Frieze London 2015

I don't remember the name of the work, but I do remember what the tour guide had to say about this: apparently the artist customizes eggplants sculptures for those who intend to buy them, not just the outward appearance but also the filling of the sculpture. This eggplant belongs to the artist him/herself - it contains something along the lines of 'human hair and toenails'.... not too sure. It was too weird for me to handle...

Map of the art fair in fluorescent light...

One of the creepy works in 'The Phantasmal Cabinet' by Mark Dion

'The Phantasmal Cabinet' by Mark Dion

'...Dion's dark room and glowing objects celebrate the power of human imagination to populate the blank spaces of the unknown landscapes with the most curious and dreadful phantasmal beasts.'

'The Paradox' by... (unknown)

The giant cog and the cut outs seem to be in Hebrew. Could this be about the Paradox of God? If the spinner was the word of God, could this alteration of the cog into something seemingly dangerous infer the hazardous yet dormant potential of the word of God?

'Wondering where to go' by Ji Wenyu and Zhu Weibing

This piece reminds me of scenes from traditional Chinese TV series that recall the hardships and the sacrifices made during the Cultural Revolution. The significance of such set up is immense, nevertheless, scaling the 'scene' down to such trivial size and placing it on a mundane carpet shines a new light and presents new questions: how influential was this symbolic division?, was this really irreparable?, were those people being too narrow-minded?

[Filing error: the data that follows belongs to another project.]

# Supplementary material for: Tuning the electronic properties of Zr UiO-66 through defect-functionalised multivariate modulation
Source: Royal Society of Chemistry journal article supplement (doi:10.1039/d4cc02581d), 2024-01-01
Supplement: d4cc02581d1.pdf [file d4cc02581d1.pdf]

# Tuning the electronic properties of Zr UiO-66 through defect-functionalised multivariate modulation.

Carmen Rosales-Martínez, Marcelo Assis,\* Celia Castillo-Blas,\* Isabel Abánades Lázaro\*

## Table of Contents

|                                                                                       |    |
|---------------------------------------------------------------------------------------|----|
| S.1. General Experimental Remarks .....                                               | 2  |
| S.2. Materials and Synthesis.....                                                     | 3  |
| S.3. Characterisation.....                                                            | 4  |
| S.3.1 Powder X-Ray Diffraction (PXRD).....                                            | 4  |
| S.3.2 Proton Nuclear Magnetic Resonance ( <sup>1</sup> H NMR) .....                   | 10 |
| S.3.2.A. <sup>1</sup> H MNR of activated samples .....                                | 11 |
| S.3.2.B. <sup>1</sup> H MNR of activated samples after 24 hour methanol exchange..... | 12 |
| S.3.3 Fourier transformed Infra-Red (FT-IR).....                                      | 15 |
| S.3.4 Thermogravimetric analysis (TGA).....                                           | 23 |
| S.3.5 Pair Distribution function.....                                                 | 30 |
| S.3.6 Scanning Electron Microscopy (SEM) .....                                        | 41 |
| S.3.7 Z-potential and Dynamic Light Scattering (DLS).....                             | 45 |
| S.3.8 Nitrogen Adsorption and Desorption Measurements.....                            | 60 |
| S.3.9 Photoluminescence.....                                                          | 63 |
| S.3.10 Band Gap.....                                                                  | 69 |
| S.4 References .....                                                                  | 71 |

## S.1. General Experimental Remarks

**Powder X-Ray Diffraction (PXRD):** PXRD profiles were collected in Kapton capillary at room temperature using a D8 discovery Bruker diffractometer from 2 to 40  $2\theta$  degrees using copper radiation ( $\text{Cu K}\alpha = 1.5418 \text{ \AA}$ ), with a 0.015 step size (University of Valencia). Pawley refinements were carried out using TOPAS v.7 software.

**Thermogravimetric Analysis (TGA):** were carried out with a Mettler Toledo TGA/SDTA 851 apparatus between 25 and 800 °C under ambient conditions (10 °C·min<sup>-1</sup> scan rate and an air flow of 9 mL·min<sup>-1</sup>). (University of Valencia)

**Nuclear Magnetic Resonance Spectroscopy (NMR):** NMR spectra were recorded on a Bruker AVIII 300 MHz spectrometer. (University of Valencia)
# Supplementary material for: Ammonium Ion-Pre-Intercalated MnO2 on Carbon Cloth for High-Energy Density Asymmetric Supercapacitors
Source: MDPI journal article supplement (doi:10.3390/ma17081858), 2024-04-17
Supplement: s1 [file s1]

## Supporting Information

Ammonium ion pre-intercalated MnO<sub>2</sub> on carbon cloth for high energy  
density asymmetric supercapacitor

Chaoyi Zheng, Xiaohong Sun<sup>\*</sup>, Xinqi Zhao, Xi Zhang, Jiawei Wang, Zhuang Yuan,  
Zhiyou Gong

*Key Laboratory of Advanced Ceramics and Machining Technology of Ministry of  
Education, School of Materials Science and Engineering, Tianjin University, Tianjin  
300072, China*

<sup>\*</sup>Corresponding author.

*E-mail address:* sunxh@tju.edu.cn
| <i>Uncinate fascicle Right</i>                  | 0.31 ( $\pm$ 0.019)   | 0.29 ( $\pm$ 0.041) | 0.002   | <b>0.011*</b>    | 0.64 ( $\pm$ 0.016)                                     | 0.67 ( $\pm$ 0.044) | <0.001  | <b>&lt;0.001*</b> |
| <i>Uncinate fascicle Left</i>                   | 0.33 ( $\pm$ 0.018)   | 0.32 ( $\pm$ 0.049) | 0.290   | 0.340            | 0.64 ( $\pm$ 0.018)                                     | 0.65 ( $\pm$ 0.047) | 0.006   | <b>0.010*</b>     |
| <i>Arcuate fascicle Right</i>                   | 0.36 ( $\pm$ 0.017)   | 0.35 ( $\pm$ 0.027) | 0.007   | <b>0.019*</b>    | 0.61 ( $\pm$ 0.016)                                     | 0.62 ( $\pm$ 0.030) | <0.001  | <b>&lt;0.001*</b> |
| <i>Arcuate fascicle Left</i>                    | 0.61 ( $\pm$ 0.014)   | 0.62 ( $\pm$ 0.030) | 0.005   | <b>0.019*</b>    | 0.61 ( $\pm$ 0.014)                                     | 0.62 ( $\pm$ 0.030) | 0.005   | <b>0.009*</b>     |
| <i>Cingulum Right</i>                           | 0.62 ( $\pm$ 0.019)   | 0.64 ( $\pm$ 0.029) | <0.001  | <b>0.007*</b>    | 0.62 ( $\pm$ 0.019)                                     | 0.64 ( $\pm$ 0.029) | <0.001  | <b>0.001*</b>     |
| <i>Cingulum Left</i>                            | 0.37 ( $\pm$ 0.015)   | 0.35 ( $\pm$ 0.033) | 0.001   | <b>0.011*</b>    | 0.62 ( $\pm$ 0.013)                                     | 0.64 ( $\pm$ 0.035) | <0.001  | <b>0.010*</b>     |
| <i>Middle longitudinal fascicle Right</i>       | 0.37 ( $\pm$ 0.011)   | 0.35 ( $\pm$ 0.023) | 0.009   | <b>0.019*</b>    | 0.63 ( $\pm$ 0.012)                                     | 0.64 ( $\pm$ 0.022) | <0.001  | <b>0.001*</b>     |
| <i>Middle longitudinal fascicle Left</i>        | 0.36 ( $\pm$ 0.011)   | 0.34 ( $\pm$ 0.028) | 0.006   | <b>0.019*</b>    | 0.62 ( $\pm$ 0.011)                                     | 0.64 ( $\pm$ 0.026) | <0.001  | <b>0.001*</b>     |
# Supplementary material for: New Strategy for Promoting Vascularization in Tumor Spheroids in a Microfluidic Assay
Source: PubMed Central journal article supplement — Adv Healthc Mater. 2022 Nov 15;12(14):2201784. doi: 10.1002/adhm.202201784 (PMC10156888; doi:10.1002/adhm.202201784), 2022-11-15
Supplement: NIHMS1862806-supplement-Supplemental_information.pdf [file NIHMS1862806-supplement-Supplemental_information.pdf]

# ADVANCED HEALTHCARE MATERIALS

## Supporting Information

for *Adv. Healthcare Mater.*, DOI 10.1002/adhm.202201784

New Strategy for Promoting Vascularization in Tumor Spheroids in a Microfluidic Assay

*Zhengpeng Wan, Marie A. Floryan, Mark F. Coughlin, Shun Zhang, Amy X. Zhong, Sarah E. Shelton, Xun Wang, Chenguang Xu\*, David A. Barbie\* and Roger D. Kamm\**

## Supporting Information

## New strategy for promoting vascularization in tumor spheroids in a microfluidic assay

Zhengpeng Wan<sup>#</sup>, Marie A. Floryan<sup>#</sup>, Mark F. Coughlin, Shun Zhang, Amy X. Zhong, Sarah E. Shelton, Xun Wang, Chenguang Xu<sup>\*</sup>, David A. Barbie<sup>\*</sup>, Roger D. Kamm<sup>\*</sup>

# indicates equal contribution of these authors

by Olaf Nicolai

Breakfast, Hope Dinner, Fear by Jack Pierson

Bronchitis and Pins& Bottles by Maha Malluh

'In search of a story... that's my story too' by Waqas Khan

I really liked this piece because it reminded me of the markings in tree trunks that reveal its age. Unlike the perfectly circular outline of the circle, the inner lines curve in all directions, just like how one would see it in nature. This also reminds me of the circular swirls on our fingertips - indeed each of these swirls are unique and tell a different story. Who knows what Khan's story was about.

'Pacific Palisades (Doors of Perception)' by Drew Heitzler

This piece caught my attention because of the giant print of 'Aldous Huxley', the author of 'Brave New World'. I have not read the book, but I am interested in its themes of cultural oppression and social uniformity. In my opinion, the explicit imagery of eyes has been overused in the cultural stage. While I think this piece could be a great book cover, I feel that this piece lacks something. Back to my idea of cultural oppression - had I/we not been indoctrinated with the idea of 'Big Brother is watching', we would see this ominous piece differently.

By Yan Peiming